Try This Loyalty Program Growth Hack; Streaming Drama Heats Up

The Value Of Loyalty

Retailers are all-in on loyalty programs – which means earmarking serious growth marketing budgets to acquire new subscribers or members. These campaigns typically target regular or high-spending customers who aren’t already part of the loyalty program. That makes intuitive sense for consumers and marketers alike … right? That’s the question at the heart of a new marketing study written up at the Harvard Business Review. Get this: Loyal customers tend not to change their shopping habits after they enroll, but the retailer still has to sacrifice some profit margin to serve up deals. With that in mind, rather than targeting by historical spend, the most effective targeting tactic, as per the report, comes from using location data. Specifically, loyalty program marketers should think of “vulnerability” as a location-based metric. Shoppers who live near a competitor’s store will consolidate more of their budget after joining a loyalty program than will people who live near a store but not in proximity of a competitor. Customers who drive by a competitor en route to a retailer’s store are also more vulnerable – and thus more valuable to sign up to a program. A loyalty scheme, in other words, is less effective as a rewards program for already-loyal customers and most effective as a way to consolidate shopping budgets that would otherwise be split between two or more chains.

Started, The Streaming Wars Have

Roku’s deal with Amazon to carry the free ad-supported CTV service IMDb TV is up for renewal in early 2022 – and you can expect a fight. Streaming rivals with their own apps are scrambling for market share and distribution. Amazon packaged IMDb TV with the popular Prime Video service when the two companies negotiated their initial distribution deal in 2019, The Information reports – and Amazon was able to extract major concessions. Aside from piggybacking IMDb TV with Prime, Roku doesn’t get a cut of the AVOD net inventory. Typically, Roku would get up to 30% of third-party CTV app inventory, while Amazon would get a 20% share of Roku impressions on Fire TV, which carries Roku’s AVOD service. But Roku has toughened its approach now that it has more content and a larger footprint. Google pulled all YouTube apps from new Roku devices this month over a distribution standoff, and Roku has reportedly made its case to the DOJ that Google’s actions are anticompetitive. According to Roku, Google is wielding the YouTube app – the most popular CTV app download out there – as a cudgel to extract unfair terms. Amazon, though, is a different kettle of fish, since it's one of the biggest sellers of Roku streaming hardware.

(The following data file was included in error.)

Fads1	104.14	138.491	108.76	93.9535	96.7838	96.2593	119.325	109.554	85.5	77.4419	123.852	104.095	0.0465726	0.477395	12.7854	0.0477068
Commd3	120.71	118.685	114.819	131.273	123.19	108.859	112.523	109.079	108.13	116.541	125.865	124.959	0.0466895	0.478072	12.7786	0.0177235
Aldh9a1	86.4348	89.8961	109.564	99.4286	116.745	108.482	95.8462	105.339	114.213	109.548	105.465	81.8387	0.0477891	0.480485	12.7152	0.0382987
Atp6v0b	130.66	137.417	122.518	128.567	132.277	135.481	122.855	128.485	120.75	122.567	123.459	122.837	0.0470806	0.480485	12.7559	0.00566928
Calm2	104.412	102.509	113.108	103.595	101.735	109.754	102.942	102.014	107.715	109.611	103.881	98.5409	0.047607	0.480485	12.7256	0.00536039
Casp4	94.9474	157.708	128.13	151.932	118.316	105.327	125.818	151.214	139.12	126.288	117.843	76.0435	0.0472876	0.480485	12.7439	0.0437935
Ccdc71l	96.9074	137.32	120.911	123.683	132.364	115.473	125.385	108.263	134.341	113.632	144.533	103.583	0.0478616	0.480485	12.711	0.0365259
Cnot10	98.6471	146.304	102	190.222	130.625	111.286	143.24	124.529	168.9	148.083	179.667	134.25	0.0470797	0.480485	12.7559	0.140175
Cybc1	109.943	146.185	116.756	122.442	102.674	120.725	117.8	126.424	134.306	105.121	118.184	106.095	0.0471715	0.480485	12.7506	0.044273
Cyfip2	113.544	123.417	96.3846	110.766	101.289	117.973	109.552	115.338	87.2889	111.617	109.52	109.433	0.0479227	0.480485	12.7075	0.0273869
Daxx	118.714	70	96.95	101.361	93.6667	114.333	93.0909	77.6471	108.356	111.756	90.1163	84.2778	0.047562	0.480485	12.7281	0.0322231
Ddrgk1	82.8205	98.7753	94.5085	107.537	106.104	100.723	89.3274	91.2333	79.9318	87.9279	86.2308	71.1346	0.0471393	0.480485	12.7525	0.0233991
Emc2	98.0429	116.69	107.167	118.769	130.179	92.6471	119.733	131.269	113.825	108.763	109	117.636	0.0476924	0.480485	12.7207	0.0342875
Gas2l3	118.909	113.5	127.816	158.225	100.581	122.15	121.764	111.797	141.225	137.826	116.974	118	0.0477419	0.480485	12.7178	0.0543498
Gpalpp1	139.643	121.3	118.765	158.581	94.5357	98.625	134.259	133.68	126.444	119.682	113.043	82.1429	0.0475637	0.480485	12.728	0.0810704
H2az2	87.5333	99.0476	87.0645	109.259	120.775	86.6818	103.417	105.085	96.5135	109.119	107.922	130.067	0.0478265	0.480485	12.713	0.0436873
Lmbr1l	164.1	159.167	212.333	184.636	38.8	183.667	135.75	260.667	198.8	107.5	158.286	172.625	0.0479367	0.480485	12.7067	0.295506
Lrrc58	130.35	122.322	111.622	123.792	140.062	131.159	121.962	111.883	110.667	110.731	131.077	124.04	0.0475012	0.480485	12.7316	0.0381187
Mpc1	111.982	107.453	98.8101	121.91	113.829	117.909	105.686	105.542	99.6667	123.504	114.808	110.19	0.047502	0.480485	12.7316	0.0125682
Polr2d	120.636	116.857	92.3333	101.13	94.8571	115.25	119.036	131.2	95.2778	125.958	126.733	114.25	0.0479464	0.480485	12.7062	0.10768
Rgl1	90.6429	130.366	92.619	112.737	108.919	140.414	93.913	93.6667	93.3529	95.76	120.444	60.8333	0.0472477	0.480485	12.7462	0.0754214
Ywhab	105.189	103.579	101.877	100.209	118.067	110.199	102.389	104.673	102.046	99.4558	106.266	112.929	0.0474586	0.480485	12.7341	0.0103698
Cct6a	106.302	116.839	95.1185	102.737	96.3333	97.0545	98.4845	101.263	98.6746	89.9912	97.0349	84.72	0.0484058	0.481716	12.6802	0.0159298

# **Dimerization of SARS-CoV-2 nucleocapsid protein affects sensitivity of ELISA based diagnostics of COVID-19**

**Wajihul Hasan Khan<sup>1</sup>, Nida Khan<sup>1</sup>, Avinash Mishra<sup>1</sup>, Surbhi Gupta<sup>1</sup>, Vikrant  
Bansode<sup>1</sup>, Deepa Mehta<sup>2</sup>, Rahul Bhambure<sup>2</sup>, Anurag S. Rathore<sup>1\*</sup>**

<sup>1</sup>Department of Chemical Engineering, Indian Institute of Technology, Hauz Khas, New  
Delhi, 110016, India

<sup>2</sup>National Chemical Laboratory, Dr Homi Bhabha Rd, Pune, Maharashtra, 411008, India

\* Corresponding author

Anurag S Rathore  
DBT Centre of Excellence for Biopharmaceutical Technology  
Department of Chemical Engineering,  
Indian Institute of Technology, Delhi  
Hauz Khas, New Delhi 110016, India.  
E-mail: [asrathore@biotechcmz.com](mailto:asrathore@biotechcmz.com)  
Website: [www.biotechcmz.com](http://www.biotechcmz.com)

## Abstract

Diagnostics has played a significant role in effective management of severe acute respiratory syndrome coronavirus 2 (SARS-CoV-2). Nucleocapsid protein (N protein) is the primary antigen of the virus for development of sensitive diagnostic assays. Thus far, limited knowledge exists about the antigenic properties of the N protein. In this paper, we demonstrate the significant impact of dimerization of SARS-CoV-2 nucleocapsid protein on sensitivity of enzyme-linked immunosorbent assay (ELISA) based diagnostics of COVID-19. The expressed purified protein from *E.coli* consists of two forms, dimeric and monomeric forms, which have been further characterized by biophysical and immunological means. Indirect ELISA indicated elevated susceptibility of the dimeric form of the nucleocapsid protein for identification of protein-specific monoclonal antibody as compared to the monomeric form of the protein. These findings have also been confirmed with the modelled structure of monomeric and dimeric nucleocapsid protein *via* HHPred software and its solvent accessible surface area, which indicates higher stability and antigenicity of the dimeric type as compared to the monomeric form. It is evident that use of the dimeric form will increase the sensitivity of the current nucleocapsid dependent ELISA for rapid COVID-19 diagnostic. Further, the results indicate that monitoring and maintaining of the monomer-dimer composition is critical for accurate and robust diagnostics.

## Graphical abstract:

To The Letter

The New York Times is beefing up its newsletters as a way to drive up overall subscriptions. One change earlier this year came when its stable of opinion writers who pen free personal newsletters through their Times email accounts – and backed by NYT promotions – had their newsletters bundled into the paper’s digital subscription, thus forcing subscribers to pony up or lose access to the newsletter. Even so, only 12 of the 50 Times email newsletters are paygated by a subscription. But last week, the Times announced it would add 12 new newsletters written by celebrities and artists about social issues. One contributor will be Rage Against the Machine guitarist Tom Morello. The Times is working hard to cultivate celebrity writers who can draft a series of columns on social issues, opinion editor Kathleen Kingsbury tells Digiday. But there’s a strong business angle as well. “​​We want this to feel like a value-add for our subscribers,” she said. “We hope that it will help with retention of subscribers, that the package that people are paying for feels more valuable.”

But Wait, There’s More!   

YouTube’s chief business officer on why ecommerce will become a creator “juggernaut.” [The Information]

Neustar added its unified identity solution to Snowflake’s data marketplace, [release]

Yahoo is expanding its Merkle identity partnership. [The Drum]

Here’s how Twitter and Google really feel about Facebook’s troubles. [Protocol]

Zendesk is set to acquire Momentive, including its SurveyMonkey brand. [MediaPost]

How a mistake by YouTube reveals the power it has over media. [NYT]

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